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boils Microsoft Case

As far as I've seen, this entire ordeal is over a FREE browser that Microsoft
includes with windows for FREE and gives out on the internet for FREE just as
Netscape and most other browser companies do. I have yet to see where Microsoft
is charging extraordinary prices for any of these FREE programs nor do I see how
Netscape, in using the governments definition, a "monopoly" itself, is
"being forced out of business" by Microsofts FREE browser.
Remember: the charge is against including Internet Explorer with Windows, not
the Windows monopoly itself. What this entire case boils down to is that a few
Washington liberals are upset at Microsoft for daring to be successful. These
are the kind of people that hate wealth, capitalism, and anything that is more
successful than them. My intention is to show that the case against Microsoft as
a monopoly is weak and that the government is wasting its time. As the
government jumps to the defense of the all-too-often taken advantage of
consumer, they have accomplished very little. They tried to prevent the release
of Windows 98 (a much anticipated and highly demanded program that was and is
available at reasonable prices) but didnt even phase the consumers second
thoughts. The government is costing taxpayers millions of dollars to pursue this
suit against Microsoft. Microsofts operating system near monopoly is probably
good for us. It is much better to have one operating system than 20 or even 2.
Software compatibility, technical support, and setup are much more simplified
with one operating system. Programs today are specifically designed to be
"Windows compatible." Would you rather have 20 (local) phone
companies, each with a different line and number running into your house or one,
as is the case now? Also, Internet Explorer brings browser competition to a
market that is essentially monopolistic itself (at least if you apply Janet
Reno's definitions of monopoly). Internet Explorer gives Netscape a competitive
product where before virtually none existed. The purpose of antitrust laws is to
prevent only harmful monopoly. Microsofts operating system near monopoly is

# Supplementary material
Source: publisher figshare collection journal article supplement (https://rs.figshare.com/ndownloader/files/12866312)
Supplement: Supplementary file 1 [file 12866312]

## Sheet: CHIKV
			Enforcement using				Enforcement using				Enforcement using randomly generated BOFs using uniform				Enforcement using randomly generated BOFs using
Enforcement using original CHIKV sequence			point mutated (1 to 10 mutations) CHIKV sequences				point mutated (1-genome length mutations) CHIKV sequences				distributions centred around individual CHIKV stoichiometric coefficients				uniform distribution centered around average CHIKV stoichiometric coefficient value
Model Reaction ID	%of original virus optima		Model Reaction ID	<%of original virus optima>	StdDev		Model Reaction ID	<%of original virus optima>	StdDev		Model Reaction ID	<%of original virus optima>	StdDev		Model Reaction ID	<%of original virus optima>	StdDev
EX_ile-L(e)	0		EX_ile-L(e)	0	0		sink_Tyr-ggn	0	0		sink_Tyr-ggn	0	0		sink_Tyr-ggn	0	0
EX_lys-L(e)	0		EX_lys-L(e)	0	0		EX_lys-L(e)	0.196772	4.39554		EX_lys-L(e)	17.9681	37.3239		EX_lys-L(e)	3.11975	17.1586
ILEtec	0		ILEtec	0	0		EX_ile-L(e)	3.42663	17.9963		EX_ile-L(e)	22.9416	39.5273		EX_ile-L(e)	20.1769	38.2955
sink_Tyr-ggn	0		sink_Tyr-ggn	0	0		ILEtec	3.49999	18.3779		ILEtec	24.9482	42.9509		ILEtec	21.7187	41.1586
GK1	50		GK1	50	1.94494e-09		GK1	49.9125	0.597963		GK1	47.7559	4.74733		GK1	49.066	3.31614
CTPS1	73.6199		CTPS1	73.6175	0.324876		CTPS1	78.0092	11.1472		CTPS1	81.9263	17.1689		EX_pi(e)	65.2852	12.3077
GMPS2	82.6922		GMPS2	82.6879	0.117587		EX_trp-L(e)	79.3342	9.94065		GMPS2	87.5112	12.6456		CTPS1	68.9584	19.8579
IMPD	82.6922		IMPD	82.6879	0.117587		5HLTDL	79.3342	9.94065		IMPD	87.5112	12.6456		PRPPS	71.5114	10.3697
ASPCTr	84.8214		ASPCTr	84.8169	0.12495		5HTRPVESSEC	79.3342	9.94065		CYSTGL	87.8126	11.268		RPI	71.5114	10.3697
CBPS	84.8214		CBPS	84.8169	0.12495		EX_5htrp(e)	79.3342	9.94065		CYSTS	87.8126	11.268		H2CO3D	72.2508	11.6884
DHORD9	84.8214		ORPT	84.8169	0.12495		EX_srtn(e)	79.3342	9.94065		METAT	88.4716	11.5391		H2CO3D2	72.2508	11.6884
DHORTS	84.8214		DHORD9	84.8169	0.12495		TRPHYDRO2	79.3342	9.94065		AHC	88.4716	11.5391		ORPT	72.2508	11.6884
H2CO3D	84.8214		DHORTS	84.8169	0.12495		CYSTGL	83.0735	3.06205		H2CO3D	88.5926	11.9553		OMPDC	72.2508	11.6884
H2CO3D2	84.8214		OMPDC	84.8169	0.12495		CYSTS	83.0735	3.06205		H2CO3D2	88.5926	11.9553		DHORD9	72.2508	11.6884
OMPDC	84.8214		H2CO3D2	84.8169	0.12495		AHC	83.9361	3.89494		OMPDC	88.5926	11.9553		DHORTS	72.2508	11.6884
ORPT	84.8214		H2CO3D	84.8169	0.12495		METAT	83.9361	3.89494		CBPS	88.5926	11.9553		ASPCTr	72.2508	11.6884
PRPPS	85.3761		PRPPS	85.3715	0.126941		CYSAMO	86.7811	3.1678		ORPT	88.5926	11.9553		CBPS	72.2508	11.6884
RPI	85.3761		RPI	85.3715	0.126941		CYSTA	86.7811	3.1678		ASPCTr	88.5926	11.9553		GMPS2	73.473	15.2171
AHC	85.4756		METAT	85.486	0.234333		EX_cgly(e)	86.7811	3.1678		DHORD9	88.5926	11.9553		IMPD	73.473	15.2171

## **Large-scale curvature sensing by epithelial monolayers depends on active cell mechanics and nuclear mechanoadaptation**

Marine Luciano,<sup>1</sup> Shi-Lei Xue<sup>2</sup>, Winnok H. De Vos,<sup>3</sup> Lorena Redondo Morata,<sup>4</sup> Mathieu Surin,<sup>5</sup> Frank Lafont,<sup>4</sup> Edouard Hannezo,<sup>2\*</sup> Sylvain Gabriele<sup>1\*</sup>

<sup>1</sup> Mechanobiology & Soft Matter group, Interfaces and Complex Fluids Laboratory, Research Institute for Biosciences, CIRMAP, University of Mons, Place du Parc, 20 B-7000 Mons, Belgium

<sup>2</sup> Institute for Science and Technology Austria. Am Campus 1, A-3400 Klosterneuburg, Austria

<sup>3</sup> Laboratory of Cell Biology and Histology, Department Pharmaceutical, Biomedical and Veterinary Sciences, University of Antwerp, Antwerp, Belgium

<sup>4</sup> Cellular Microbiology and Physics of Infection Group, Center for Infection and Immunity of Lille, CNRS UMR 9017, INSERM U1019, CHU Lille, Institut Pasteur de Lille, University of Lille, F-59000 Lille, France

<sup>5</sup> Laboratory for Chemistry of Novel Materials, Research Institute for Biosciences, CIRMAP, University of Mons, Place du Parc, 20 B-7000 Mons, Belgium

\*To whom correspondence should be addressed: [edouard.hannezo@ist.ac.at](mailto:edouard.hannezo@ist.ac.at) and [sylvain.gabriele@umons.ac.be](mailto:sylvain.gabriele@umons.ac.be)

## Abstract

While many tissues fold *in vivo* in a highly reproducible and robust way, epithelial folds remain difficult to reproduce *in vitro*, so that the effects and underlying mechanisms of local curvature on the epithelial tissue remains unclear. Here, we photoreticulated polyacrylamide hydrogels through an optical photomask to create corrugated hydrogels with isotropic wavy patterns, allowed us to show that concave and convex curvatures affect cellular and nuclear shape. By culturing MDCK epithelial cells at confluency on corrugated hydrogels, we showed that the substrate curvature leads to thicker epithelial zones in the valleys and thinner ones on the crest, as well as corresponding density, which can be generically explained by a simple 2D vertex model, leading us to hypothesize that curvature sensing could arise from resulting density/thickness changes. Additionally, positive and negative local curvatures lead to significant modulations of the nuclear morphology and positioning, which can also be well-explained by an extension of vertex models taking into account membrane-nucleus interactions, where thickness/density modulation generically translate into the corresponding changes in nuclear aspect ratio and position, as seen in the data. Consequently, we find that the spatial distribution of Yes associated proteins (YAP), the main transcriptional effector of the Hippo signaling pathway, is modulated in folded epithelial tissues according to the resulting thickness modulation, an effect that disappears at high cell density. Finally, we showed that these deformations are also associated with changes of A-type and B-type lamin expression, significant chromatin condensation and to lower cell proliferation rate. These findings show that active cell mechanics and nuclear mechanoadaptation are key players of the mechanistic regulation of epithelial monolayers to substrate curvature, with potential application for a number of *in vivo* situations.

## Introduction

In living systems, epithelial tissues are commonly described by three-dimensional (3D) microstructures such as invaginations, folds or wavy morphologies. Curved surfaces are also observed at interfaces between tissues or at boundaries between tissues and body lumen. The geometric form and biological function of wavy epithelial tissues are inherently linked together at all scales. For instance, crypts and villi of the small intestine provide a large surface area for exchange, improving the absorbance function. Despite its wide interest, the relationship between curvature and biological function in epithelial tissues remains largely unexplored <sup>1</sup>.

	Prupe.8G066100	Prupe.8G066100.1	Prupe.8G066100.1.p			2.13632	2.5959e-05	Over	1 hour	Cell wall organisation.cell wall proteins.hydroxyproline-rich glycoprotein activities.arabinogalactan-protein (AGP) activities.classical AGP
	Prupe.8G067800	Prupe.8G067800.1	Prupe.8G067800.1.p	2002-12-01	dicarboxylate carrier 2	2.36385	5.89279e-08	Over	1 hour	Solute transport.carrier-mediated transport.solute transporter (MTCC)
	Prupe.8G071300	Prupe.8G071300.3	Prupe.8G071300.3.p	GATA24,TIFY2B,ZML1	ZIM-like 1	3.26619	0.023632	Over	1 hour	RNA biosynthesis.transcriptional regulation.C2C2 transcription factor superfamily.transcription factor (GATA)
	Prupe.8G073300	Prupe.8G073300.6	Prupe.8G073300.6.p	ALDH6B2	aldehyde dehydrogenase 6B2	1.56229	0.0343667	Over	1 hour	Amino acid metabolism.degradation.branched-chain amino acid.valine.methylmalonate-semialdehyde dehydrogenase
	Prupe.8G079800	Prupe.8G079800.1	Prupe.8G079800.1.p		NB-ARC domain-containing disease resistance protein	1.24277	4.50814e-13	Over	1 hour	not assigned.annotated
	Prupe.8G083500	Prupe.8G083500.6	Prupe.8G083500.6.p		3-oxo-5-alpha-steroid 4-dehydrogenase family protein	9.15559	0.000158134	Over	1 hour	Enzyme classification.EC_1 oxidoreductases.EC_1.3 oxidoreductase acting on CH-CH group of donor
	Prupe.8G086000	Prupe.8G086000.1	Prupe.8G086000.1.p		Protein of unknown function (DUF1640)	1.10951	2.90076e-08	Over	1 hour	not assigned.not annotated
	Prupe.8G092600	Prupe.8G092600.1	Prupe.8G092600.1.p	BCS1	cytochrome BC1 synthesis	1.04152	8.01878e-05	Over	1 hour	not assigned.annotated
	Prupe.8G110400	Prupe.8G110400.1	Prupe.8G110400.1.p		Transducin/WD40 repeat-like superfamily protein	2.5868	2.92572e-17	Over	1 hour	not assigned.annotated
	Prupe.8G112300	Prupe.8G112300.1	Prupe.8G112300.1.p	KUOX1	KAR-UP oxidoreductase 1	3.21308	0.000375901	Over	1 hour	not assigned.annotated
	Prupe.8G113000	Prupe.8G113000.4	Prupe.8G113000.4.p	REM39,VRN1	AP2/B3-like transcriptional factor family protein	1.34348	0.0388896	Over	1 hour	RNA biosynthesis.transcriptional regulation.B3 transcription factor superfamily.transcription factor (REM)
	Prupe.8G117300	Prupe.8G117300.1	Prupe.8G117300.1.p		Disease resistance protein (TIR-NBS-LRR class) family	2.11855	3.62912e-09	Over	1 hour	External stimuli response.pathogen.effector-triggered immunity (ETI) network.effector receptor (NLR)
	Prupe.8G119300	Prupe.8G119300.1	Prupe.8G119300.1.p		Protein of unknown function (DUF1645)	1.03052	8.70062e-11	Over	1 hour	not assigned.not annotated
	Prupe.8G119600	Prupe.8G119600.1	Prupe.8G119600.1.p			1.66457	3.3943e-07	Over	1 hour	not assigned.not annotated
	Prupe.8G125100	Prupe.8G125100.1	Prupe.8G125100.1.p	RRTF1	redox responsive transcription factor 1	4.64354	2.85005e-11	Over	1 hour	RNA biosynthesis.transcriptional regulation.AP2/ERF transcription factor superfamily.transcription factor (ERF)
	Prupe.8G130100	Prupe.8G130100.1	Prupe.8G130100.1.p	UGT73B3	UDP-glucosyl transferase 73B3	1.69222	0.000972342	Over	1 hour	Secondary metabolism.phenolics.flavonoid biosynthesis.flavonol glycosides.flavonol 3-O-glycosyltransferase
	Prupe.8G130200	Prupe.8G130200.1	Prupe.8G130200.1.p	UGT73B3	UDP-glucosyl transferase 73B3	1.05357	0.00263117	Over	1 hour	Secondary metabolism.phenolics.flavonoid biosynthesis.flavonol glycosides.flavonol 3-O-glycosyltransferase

harmful in very few ways. Nor is Intel's chip near monopoly harmful, nor is
Netscapes browser near monopoly. Other reasons easily explain how Microsoft
came about to its size and how new companies constantly spring up in the
computer industry. Computer software is a very volatile industry. To succeed in
this industry all you basically need is a good program and a way to offer it for
sale. When Microsoft, or any other software company, makes a program they only
have to write it once. When this is done, reproduction of this program is very
simple. All they have to do is copy it on a disk. Since making an extra disk
containing the program costs all of 2 cents, it is more costly for the software
company to print the box and manuals than it is to make one extra disk. With
this situation occurring, a good program, once written, can be produced marketed
at virtually no additional cost. Well you say, if disks only cost 2 cents,
why can't windows sell for 2 cents? Remember that it costs Microsoft to
develop a new program. No matter how cheap a disk is, other costs such as
salaries, factories, storage, and programmers always exist. Even though
development costs are sunk and additional production costs are nonexistent,
other costs are incurred. Besides, supply and demand determines where a price
will fall. Another thing about the computer market is its ever-changing program
market. As I said earlier, anyone with a good program can be successful in the
computer industry. Programs come about all the time. For example, the most
popular finance program is Quicken. Microsofts version, Money, is included
with many of its programs yet Microsoft, the multibillion dollar a year company,
has considerably less users than Quicken, with mere tenths and hundredths in
sales than the annual income of Microsoft. Another example is Accessories Paint
compared to Print shop or EXPLORER compared to NAVIGATOR. Microsoft offers its
own products as complements to Windows, often for FREE, but consumers still
prefer others. For all we know, anyone literate in programming may develop a
better program than Windows. If consumers like it, we may soon find another
browser monopolist. For reasons similar to this, computer industry leaders have
vastly changed in just a few years. At times Apple, IBM, Intel, Netscape,
AT&T and even Commodore, have or had large, sometimes monopolist-like
markets. Characteristics of monopolies that cause trouble are (1) restriction of
output, (2) higher ... more